Mexico joins BRICS to aviod a possible U.S. military invasion

Mexico join BRICS to avid a possible US invasion
Mexico join BRICS to avid a possible US invasion

Mexico has expressed its interest in joining the BRICS group of emerging economies, which currently consists of Brazil, Russia, India, China and South Africa. The Mexican Foreign Minister, Marcelo Ebrard, said that Mexico shares the vision and values of the BRICS and hopes to deepen its cooperation with them in various fields, especially in medicine and trade.
Mexico’s move comes amid growing tensions with its northern neighbor, the United States, over issues such as immigration, border security, trade and human rights. The US has imposed tariffs on Mexican goods, threatened to cut off aid and demanded that Mexico do more to stop the flow of migrants from Central America. Mexico has also faced criticism from the US for its handling of the Covid-19 pandemic and its alleged interference in the Venezuelan crisis.
Mexico sees the BRICS as an alternative platform to diversify its foreign relations and increase its global influence. Mexico is the second-largest economy in Latin America after Brazil and has a population of more than 120 million people. It also has a strong manufacturing sector that competes with China in some markets. Mexico has already established close ties with China, which is its second-largest trading partner after the US. Mexico has also participated in several BRICS summits as an observer and guest.
However, Mexico’s bid to join the BRICS faces some challenges and uncertainties. The BRICS group has not formally announced any criteria or process for admitting new members, although Russia has suggested that it could expand by five countries in 2023. The BRICS also have different interests and agendas that may not always align with Mexico’s. For instance, Mexico may have to balance its relations with China and India, which are rivals in Asia. Mexico may also have to deal with the possible backlash from the US, which may see Mexico’s alignment with the BRICS as a threat to its regional hegemony.
The BRICS group was formed in 2009 as a way to challenge the dominance of the Western-led institutions such as the IMF and the World Bank. The BRICS have created their own development bank and contingency reserve fund to support their economic growth and stability. The BRICS also cooperate on various issues such as climate change, terrorism, health and education. The BRICS represent about 40% of the world’s population, 30% of the world’s GDP and 20% of the world’s trade.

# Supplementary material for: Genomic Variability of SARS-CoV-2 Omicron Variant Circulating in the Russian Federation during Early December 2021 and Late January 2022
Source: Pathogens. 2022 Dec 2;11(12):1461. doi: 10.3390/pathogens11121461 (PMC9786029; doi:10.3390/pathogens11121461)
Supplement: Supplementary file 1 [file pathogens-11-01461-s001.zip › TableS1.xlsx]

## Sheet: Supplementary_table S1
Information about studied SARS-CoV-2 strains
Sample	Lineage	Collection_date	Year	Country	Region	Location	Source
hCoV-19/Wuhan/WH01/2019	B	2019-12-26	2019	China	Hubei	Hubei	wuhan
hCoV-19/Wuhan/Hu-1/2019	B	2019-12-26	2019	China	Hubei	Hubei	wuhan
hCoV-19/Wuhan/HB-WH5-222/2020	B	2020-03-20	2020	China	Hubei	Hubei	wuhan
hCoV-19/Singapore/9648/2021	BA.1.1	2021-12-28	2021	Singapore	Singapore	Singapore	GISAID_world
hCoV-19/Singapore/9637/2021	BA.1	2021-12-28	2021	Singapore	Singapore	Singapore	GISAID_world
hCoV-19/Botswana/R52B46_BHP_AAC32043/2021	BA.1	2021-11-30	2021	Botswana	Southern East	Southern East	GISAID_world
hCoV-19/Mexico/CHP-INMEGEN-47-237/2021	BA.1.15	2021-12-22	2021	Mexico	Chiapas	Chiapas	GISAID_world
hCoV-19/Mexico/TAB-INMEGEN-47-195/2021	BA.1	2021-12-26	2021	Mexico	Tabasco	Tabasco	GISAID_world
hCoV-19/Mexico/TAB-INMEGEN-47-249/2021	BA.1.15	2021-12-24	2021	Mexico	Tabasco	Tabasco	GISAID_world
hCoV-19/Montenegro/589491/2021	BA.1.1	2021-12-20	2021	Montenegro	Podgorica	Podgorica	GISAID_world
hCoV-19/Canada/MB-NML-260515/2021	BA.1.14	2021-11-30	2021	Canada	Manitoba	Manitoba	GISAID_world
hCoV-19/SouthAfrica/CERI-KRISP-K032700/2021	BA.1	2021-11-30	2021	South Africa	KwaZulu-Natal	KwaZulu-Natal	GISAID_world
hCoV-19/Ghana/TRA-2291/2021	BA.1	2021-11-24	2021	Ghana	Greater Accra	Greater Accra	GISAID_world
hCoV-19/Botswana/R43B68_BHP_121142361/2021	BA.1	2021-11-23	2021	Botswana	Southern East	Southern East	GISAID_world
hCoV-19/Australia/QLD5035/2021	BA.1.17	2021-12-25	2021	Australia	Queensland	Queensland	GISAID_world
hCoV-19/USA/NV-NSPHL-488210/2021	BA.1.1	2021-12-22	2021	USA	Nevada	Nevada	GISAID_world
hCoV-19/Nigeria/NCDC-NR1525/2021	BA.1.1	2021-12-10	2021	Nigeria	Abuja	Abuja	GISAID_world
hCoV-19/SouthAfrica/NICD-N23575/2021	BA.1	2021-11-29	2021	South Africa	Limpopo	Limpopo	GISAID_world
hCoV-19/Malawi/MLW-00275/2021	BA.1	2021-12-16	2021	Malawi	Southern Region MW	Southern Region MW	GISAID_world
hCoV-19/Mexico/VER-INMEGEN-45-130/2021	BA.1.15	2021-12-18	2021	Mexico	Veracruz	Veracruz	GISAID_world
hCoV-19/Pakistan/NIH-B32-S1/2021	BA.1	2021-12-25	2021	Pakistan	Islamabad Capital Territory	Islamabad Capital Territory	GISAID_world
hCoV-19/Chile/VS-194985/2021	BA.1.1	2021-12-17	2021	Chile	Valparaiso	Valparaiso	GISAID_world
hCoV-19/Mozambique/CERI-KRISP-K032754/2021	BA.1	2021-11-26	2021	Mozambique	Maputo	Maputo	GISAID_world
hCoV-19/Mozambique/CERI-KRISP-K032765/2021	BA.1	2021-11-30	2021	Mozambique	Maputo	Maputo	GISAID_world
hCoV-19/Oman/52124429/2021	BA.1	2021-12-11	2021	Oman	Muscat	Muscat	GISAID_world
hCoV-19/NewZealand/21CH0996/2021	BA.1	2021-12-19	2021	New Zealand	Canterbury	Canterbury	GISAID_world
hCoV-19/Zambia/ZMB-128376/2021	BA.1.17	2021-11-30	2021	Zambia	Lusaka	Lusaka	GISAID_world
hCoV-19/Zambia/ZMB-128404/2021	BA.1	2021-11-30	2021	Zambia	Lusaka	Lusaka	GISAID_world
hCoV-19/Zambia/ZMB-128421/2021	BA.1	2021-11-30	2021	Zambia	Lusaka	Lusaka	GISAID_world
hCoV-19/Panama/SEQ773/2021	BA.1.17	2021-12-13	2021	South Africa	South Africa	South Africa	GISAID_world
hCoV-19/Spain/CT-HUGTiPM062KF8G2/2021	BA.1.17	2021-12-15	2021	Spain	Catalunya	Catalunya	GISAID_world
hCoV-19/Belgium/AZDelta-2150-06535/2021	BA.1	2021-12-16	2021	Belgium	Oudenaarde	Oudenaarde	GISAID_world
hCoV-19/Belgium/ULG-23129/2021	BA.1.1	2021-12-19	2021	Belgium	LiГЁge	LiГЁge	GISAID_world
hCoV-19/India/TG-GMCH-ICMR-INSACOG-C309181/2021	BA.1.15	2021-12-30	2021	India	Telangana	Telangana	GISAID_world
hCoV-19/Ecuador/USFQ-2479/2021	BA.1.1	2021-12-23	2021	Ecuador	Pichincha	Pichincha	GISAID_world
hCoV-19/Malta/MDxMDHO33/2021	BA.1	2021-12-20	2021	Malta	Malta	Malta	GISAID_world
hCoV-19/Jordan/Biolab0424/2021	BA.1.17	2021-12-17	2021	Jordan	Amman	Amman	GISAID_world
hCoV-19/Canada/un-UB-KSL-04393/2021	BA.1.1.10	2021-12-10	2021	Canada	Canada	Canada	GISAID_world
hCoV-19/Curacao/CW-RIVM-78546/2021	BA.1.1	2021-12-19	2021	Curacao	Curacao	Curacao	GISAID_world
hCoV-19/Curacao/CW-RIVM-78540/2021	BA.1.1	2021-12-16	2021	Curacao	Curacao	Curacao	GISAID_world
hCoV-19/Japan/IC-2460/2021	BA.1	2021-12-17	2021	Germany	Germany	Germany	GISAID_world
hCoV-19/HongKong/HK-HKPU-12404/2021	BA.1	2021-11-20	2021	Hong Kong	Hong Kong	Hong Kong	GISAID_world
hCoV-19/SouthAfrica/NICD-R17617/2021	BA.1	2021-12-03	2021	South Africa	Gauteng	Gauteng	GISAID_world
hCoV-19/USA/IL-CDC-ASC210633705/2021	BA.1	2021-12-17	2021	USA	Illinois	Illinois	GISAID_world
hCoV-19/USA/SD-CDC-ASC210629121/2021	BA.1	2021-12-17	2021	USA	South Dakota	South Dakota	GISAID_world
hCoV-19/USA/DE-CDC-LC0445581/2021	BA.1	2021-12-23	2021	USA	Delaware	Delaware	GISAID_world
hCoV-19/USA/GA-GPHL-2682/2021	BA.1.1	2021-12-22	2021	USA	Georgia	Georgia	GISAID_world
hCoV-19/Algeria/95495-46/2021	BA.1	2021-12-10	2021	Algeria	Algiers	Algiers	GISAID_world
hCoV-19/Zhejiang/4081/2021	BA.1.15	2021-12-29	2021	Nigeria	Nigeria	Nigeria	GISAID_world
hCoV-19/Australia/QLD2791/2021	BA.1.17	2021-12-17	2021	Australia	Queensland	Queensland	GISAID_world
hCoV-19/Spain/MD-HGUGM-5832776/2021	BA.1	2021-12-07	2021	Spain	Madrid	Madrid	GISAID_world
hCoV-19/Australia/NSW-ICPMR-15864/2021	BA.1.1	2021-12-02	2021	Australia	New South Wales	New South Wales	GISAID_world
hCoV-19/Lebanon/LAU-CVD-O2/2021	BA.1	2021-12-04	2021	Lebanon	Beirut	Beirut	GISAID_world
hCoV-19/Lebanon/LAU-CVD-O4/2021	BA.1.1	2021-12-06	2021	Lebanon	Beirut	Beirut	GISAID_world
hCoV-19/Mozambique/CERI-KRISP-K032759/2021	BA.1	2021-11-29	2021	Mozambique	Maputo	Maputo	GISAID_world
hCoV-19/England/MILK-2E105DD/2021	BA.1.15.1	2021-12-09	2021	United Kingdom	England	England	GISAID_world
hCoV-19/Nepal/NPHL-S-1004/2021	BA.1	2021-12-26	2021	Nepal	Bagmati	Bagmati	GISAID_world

Main reason behind the Mexican President decision to join  :

A top Pentagon official told lawmakers Wednesday that she was wary of growing calls to deploy American troops into Mexico to battle cartels responsible for at least some of the deadly drugs pouring into the United States across the southern border.

Melissa Dalton, the assistant secretary of defense for homeland defense and hemispheric affairs, told House Armed Services Committee members that the Pentagon has found increasing violence in Mexico and the flow of the synthetic opioid fentanyl into the United States “deeply concerning.”


MEXICO CITY, March 9 (Reuters) – Mexican President Andres Manuel Lopez Obrador on Thursday rebuked calls from some U.S. lawmakers advocating military action in Mexico against drug cartels, describing the proposals as threats to Mexican sovereignty.

“We are not going to permit any foreign government to intervene in our territory, much less that a government’s armed forces intervene,” Lopez Obrador said during a regular news conference.

“In addition to being irresponsible, it is an offense to the people of Mexico,” Lopez Obrador said during the news conference, adding that Mexico “does not take orders from anyone.”

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